• January 24, 2017

Modern Adaptations: The Business Sense of Bimodal IT

Don’t choose between waterfall and agile development; have them both with bimodal IT. 

By Joe Hill, Analytics Chief Technologist, Analytics & Data Management, and Fellow, Enterprise Services

You hear a lot of talk these days about agility and how it can transform businesses. In fact, 88 percent of organizations say that they have adopted agile development, citing the many benefits of embracing this more flexible and iterative approach to IT. Chief among those benefits are lower costs, a greater ability to meet end-user needs, and increased velocity.

The problem is that some organizations appear to believe that they should be using agile development to the exclusion of traditional waterfall development. That’s a mistake. No matter what you’ve heard about the debate over bimodal IT (this article from Forbes helps illustrate just how much opinions diverge), the reality is that if you’re not bimodal, you’re limiting your chances for success.

That’s because when it comes to using traditional IT and agility, it should never be a question of either-or. There will always be a place for both, at least on some level. Those IT organizations that realize this and use the right approach at the right times are the ones that will be best positioned to meet their customers’ ever-evolving needs. On the other hand, any organization that believes it can survive and thrive using just waterfall, or just agility, is setting itself up to fail.

Making the Case for Agility and Waterfall

Agility is a great approach for IT development, and one that can yield impressive results. In fact, in most organizations it makes sense for agility to be the predominant approach to development. It’s fast, it allows you to be much more iterative, and it generally enables you to deliver high-quality outcomes in realistic time frames. In spite all of that, let’s be clear about one thing: That doesn’t mean that traditional IT should be overlooked. Waterfall has an equally critical role to play in every organization, including yours.

To see what I mean, let’s look at a simple example.

Imagine for a moment that you’re building a skyscraper. While the individual offices that wind up going into the tower can be built dynamically, iteratively, and in rapid fashion—leading to great results in some cases and potential failures in others—would you really want to take the same approach for the construction of the building itself? Of course not. After all, who would feel confident moving into a building if they knew that you were learning on the job while you built it and were experimenting with lots of different ideas that may or may not have worked?

When it comes to developing foundational pieces of IT architecture, it’s a similar story. You need to take your time doing it so that you can get things right. Two-week sprints that give you the speed and flexibility to turn on a dime when developing an app are also precisely what can inhibit IT organizations from making thoughtful decisions about the underlying architecture needed to support that app.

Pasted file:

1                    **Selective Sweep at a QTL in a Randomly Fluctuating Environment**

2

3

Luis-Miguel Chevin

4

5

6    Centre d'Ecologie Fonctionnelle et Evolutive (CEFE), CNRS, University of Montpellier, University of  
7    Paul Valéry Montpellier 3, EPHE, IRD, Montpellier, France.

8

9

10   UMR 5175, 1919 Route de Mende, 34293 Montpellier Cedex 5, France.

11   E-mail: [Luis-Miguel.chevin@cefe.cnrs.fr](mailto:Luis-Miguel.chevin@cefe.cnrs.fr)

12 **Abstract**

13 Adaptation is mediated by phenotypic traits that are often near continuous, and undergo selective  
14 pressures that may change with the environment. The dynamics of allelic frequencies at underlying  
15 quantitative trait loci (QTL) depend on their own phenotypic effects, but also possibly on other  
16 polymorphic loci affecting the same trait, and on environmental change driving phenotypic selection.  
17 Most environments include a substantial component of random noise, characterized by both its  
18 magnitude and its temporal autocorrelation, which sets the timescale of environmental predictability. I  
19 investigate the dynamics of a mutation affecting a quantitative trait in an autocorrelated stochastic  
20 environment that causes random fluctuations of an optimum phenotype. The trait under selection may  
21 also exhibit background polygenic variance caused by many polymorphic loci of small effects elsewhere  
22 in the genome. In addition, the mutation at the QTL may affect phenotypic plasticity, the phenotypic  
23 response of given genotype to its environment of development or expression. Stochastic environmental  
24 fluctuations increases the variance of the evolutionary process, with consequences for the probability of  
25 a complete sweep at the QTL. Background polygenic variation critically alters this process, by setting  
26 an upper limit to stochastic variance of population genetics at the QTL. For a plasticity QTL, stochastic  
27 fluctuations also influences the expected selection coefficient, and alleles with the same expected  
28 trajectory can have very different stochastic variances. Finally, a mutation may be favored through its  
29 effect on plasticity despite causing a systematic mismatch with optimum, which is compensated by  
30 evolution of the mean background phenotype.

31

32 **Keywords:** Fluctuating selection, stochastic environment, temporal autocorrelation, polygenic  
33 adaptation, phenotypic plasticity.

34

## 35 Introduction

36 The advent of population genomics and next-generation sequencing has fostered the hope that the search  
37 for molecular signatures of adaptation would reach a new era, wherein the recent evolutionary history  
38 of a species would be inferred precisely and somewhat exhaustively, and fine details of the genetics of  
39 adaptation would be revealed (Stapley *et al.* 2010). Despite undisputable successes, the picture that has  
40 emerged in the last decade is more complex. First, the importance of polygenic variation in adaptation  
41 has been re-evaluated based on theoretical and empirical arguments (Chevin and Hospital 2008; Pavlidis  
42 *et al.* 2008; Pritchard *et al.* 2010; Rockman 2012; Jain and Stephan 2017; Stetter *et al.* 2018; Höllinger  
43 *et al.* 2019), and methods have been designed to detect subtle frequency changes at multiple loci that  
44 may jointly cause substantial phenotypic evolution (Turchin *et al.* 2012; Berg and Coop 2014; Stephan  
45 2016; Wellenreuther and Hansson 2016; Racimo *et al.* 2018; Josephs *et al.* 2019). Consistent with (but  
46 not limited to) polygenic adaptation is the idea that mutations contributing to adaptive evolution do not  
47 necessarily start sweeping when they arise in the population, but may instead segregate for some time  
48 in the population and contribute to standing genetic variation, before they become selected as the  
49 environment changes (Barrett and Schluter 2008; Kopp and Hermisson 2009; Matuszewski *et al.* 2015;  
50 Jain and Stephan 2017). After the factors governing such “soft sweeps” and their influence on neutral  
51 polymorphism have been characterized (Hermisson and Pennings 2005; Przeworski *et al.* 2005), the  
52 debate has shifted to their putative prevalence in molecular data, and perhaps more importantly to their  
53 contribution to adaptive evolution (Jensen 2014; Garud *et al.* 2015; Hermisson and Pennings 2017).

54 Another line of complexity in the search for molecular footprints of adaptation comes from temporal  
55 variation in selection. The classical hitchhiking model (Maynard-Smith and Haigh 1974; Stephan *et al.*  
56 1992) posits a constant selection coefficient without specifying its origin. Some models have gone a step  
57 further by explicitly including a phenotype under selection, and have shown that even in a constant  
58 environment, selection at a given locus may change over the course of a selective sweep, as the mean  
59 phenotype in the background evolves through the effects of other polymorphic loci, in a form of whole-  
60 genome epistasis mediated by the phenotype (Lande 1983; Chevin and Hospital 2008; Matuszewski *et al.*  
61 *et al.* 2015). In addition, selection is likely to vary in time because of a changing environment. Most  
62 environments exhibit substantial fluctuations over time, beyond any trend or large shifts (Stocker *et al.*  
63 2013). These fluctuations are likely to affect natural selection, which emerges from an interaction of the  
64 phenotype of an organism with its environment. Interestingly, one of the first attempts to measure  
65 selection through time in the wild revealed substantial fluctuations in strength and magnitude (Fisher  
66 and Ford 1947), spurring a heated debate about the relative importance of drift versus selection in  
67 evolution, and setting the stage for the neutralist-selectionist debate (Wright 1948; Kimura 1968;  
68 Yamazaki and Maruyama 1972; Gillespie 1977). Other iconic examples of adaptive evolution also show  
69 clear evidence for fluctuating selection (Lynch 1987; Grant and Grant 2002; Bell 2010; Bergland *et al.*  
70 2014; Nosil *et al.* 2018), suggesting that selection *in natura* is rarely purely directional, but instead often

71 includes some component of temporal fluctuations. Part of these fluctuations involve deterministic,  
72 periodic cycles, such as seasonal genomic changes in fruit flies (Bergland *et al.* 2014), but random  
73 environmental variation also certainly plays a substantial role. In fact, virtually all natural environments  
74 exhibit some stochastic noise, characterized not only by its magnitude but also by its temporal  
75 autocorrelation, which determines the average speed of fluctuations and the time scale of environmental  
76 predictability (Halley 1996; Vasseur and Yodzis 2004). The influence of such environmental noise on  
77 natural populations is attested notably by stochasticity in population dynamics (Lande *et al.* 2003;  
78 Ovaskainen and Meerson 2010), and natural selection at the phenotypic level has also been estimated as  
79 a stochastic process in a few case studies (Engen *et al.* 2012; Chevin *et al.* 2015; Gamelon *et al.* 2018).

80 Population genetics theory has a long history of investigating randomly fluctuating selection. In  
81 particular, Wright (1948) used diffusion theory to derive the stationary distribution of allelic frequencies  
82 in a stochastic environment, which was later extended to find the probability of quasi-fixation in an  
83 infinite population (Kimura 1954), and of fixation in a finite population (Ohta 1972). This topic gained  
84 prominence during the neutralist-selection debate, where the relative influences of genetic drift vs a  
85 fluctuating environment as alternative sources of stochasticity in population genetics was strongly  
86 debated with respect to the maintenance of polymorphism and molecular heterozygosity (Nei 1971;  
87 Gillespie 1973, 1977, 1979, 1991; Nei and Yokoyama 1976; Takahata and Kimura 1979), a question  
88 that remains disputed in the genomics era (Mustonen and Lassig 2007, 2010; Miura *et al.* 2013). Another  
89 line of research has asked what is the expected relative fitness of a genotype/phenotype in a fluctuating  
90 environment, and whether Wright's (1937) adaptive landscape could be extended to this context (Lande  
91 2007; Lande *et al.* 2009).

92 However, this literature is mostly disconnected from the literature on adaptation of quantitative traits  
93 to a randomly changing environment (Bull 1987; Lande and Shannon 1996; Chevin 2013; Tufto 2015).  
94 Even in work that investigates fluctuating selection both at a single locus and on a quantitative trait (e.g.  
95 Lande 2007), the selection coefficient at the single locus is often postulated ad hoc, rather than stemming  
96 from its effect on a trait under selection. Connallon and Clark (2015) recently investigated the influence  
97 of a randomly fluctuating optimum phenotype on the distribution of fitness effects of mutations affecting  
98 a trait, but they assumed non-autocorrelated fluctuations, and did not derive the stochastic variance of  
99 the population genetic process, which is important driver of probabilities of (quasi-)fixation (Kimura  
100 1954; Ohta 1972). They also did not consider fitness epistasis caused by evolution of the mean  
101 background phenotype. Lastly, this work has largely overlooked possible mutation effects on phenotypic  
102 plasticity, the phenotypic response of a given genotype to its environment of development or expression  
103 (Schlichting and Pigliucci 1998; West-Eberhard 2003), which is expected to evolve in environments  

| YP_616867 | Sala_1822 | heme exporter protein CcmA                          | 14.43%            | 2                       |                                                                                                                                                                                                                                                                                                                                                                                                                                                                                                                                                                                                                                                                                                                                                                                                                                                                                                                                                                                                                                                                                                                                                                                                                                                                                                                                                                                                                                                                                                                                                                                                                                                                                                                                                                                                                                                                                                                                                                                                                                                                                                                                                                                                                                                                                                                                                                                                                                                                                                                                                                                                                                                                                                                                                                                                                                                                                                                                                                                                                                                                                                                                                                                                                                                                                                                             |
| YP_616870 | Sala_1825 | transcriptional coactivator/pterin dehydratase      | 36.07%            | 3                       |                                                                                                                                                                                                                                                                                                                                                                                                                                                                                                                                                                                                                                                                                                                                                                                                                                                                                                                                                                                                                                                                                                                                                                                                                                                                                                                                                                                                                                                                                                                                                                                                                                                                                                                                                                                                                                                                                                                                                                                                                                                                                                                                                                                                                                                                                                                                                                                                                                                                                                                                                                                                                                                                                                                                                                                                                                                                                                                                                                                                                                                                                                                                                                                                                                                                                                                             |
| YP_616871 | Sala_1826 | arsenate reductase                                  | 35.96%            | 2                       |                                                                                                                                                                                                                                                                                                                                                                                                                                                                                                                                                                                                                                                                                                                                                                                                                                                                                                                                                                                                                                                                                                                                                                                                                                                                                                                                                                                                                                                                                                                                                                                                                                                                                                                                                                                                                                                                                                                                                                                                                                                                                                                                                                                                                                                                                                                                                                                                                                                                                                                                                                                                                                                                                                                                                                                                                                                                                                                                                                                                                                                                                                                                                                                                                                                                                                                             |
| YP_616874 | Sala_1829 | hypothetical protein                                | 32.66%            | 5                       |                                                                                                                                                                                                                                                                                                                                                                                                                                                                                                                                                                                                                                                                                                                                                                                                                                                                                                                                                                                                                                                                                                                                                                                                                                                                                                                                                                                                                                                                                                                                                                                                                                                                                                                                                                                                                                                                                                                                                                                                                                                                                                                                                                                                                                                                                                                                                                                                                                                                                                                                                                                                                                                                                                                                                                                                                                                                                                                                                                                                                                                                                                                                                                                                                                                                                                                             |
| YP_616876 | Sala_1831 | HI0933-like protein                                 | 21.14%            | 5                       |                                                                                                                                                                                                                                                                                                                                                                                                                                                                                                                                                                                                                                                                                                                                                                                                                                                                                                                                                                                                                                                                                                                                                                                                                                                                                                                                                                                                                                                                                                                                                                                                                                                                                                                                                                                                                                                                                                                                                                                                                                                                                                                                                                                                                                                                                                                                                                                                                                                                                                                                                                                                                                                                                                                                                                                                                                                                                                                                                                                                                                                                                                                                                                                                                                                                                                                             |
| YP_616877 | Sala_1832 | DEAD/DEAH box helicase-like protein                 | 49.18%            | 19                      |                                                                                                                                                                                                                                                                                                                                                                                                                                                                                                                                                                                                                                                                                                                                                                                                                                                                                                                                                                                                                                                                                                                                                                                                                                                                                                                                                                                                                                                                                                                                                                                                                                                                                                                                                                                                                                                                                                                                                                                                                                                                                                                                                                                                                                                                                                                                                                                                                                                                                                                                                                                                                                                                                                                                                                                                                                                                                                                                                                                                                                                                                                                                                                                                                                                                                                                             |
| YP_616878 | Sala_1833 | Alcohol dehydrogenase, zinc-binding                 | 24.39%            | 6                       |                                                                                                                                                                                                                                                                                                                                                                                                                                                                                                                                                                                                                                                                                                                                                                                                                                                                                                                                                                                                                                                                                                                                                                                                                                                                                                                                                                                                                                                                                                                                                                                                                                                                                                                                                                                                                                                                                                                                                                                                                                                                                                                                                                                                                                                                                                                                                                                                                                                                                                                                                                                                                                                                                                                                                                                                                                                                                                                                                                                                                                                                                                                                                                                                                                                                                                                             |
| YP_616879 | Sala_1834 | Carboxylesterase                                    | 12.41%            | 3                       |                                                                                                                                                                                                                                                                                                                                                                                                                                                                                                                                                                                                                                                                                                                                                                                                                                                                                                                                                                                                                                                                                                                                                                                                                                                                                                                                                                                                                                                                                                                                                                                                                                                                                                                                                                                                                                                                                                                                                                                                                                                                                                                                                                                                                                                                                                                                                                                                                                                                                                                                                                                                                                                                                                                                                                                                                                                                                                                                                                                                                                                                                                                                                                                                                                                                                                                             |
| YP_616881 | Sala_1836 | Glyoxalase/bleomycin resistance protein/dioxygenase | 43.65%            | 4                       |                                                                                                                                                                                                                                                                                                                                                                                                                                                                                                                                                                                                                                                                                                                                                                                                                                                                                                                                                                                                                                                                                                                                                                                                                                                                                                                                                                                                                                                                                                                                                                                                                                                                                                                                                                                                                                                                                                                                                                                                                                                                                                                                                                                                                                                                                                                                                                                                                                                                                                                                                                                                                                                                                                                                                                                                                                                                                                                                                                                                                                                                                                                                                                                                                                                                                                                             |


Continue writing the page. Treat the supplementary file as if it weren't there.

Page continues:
The internet is a case in point. I think that we can all agree that it’s a tremendous platform for agile development. But how easy would the development be if there weren’t some basic architecture in place to support it? In this example, I’m talking about hypertext transfer protocol (HTTP) and hypertext markup language (HTML), two standards that create a consistent framework for how we build things online. Both were thoughtfully developed using waterfall and we should all be thankful that they were. They’ve given us some much-needed stability and standardization, thus paving the way for everything that we’re doing today.

Striking the Right Balance Is Critical for Achieving Scale

While the vast majority of your IT projects may be moving toward agility, just remember that architectural standards need to be developed more slowly and carefully if you want to get them right. That’s particularly important for any organization that’s trying to achieve enterprise scale.

Why? Because taking a strictly agile approach doesn’t allow you to get big enough. It forces, or at least allows, you to build everything from scratch and to rebuild solutions for every project. That’s neither cost-effective nor scalable. Rather than reinvent the wheel with every new project, you need an architectural foundation that you can build upon. That foundation has to be reliable and provide the guideposts developers need to do things in a standard way that makes sense.

The key to succeeding in IT is to make sure that you’ve got a strong, architecturally based solution. Once that’s in place, it’s a matter of adopting agile approaches everywhere else as appropriate. While in all likelihood that will mean that the vast majority of your IT team is in fact agile, there should always be a place for traditional IT in your organization.